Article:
Weston Mourns Death of Paul Penfield, Rail Trail and Natural Space Titan
When a tree falls in the forest, can you hear the sound? Yes, if that tree is one of the titans of Weston. Among those residents who have preserved, protected, and enhanced our town’s open spaces and access to them, Paul Penfield stood among the tallest. Yesterday night, Paul Penfield passed away at the age of 88, leaving his many friends and neighbors shocked and saddened.
From the First Parish Church announcement, Paul passed away after a short illness that struck Sunday night. As the town reels from the news, many are commenting how recently they saw him and in such good health. Of the many Weston Forest & Trail Association walks held over the decades, it was rare to have one without Paul’s attendance.
Professor Penfield was born May 28, 1933 in Detroit, Michigan. He received the B.A. degree in physics from Amherst College in 1955, and a Sc.D. degree in electrical engineering from MIT in 1960. He joined the MIT faculty in 1960 and worked there until his retirement in June, 2005. He was married twice, losing both wives before him (1988 and 2016), and was the proud grandfather of many. You can read more of his career and family information here.
Many a story is coming in about all he did for the town, including grappling hooks to clear culverts, pollinator plants on the rail trail, and perhaps his greatest gift to Weston–his tireless championing of the rail trail. He was a long-time active member of the First Parish Church of Weston. Recently he was one of the founding members of the MetroWest Climate Solutions Group. It is fair to say that not much stopped Paul Penfield, and definitely never his age.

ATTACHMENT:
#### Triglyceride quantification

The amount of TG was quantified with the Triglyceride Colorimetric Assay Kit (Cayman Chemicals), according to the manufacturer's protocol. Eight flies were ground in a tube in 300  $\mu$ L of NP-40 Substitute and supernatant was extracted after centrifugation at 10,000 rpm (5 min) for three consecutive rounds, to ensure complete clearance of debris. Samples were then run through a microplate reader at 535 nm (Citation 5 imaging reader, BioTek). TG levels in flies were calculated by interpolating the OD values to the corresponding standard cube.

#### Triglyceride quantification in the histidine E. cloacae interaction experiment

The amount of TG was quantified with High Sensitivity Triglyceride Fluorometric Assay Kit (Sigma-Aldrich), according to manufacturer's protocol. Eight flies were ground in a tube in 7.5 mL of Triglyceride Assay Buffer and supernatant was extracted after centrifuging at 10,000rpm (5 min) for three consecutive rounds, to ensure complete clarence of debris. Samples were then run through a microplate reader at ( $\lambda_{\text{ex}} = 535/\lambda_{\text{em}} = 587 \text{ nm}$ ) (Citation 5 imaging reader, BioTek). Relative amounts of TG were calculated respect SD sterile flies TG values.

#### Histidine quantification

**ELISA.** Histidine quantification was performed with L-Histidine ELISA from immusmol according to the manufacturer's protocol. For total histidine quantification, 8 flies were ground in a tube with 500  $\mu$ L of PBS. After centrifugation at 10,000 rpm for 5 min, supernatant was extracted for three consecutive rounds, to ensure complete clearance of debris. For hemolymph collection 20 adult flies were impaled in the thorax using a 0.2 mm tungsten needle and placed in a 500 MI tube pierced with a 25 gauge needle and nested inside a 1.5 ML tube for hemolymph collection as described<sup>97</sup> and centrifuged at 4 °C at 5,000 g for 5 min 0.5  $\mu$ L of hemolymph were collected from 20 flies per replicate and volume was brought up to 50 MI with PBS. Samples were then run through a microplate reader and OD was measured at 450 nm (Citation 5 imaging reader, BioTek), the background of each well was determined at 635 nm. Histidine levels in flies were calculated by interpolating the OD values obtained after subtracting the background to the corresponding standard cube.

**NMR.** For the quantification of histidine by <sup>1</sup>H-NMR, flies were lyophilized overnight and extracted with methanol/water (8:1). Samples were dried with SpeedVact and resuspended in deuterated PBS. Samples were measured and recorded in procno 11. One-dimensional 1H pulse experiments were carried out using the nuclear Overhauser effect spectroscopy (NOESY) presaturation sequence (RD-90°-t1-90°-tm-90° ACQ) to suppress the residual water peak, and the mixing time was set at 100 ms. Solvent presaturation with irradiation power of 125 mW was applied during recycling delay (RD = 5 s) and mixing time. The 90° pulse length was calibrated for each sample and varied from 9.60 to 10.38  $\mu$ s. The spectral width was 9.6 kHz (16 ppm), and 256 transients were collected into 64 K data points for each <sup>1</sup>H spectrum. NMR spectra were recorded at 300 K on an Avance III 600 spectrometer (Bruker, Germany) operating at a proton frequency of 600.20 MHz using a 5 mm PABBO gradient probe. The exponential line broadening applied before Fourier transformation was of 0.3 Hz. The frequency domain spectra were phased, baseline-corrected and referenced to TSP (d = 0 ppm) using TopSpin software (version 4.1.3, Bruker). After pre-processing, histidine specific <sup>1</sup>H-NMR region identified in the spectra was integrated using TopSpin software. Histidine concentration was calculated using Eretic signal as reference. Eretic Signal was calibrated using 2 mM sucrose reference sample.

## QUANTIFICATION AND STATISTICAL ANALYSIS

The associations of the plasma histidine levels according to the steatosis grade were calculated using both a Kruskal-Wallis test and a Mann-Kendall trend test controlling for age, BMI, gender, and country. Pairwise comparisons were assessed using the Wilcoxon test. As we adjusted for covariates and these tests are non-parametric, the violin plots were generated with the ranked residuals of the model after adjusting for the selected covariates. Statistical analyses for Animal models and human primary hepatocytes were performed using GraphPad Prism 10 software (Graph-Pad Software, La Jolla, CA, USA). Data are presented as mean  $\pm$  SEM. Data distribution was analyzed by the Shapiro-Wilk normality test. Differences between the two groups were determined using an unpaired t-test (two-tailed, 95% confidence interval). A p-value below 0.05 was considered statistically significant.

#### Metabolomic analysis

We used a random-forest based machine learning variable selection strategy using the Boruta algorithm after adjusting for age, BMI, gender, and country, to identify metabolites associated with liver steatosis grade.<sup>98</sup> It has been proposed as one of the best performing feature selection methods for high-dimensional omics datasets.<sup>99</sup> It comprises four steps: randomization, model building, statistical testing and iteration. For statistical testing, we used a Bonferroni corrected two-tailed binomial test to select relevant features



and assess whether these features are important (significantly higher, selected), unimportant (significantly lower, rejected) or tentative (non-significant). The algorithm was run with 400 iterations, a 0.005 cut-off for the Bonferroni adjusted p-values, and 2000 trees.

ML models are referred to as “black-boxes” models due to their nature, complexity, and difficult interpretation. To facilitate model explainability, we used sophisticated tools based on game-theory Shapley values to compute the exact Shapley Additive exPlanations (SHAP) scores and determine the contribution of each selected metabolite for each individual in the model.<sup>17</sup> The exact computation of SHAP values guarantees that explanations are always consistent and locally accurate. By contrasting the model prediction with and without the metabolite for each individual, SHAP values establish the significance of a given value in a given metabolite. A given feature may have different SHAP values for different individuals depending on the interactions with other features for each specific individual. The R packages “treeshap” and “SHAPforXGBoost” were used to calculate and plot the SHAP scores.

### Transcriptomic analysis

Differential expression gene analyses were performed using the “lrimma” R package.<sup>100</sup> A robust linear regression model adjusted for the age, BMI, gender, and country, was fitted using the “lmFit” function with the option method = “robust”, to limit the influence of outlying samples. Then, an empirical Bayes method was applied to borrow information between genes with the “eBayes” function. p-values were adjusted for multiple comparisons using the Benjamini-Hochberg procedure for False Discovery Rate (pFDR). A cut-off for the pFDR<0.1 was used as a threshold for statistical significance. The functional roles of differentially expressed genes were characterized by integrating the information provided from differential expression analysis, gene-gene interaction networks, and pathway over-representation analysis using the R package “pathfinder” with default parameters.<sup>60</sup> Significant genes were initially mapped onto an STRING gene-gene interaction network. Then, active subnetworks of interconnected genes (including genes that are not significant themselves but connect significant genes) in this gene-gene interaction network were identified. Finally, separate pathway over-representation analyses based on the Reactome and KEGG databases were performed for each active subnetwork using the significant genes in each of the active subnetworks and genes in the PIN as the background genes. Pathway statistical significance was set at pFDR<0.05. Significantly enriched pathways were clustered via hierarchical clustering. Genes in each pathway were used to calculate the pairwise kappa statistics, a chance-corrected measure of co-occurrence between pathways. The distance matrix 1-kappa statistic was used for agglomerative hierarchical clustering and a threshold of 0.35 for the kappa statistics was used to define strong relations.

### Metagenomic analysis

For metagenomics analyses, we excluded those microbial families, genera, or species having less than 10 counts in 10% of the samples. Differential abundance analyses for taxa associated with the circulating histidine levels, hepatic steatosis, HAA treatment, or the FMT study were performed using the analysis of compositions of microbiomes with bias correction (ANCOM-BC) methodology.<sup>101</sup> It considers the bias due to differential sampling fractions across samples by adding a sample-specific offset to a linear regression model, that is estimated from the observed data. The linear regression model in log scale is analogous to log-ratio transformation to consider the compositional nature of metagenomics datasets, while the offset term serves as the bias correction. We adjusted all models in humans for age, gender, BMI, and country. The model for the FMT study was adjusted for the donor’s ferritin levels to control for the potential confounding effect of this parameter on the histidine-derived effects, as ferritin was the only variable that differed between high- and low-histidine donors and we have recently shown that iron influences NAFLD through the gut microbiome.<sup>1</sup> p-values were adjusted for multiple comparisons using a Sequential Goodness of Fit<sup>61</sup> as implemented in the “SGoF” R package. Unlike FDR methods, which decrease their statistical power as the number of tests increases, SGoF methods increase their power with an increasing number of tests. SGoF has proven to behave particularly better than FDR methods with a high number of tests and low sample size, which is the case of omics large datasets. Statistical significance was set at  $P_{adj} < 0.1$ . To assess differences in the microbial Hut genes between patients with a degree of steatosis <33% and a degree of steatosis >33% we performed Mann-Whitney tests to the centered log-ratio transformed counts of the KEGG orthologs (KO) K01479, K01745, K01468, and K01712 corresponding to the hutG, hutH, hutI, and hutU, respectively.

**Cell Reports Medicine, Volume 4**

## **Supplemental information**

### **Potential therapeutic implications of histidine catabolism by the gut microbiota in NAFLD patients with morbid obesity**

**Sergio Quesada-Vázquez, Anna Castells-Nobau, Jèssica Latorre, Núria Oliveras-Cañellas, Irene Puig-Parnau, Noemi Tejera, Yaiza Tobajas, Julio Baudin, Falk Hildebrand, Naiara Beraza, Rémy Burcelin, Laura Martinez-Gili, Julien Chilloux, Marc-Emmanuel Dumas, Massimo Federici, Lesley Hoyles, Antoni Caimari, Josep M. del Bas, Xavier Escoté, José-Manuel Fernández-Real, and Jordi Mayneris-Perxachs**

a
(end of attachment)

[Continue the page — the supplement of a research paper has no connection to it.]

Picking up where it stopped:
From a note to Weston Forest & Trail Association trustees and friends, Joel Angiolillo commented: “I met with him last Saturday at the Rail Trail. He was in the process of make pollinator garden signs and the signage for the new murals under Concord Road. He came prepared with samples of laminated signs for plant identification, backed by working URLs on a website he set up. We talked about how we might be able to use the same system for plant identification on our trail system. We were discussing the best type of stands on which to mount the signs. He was also creating QR codes for each of the 21 panels on the Concord Road rail trail murals. He was on his knees figuring out how to best to attach the signs under the mural panels. Paul tried his best to educate me on QR codes, how to make them and how they work. From my limited experience, retired MIT professors never stop learning and teaching.”
On a personal note from the Owl, Paul was one of a kind. His gentlemanly ways, his relentless good humor, his ability to bring together those who thought differently on a topic–well, I know of no one who did not like and admire him. I can picture him in his bright Friends of the Rail Trail shirt, gathering supporters two years ago–or more recently, in a little box on zoom where he would patiently wait his turn, and then make his statement which was never short, but always important. While I shall miss him deeply here in Weston, I can almost see him up there up at the pearly gates, planning how to make things better, and always summarizing his meeting notes for all who follow.
Rest in peace, Paul. Weston is a better place because of you.
Edited July 2, 2021 to include memorial and official obituary information here.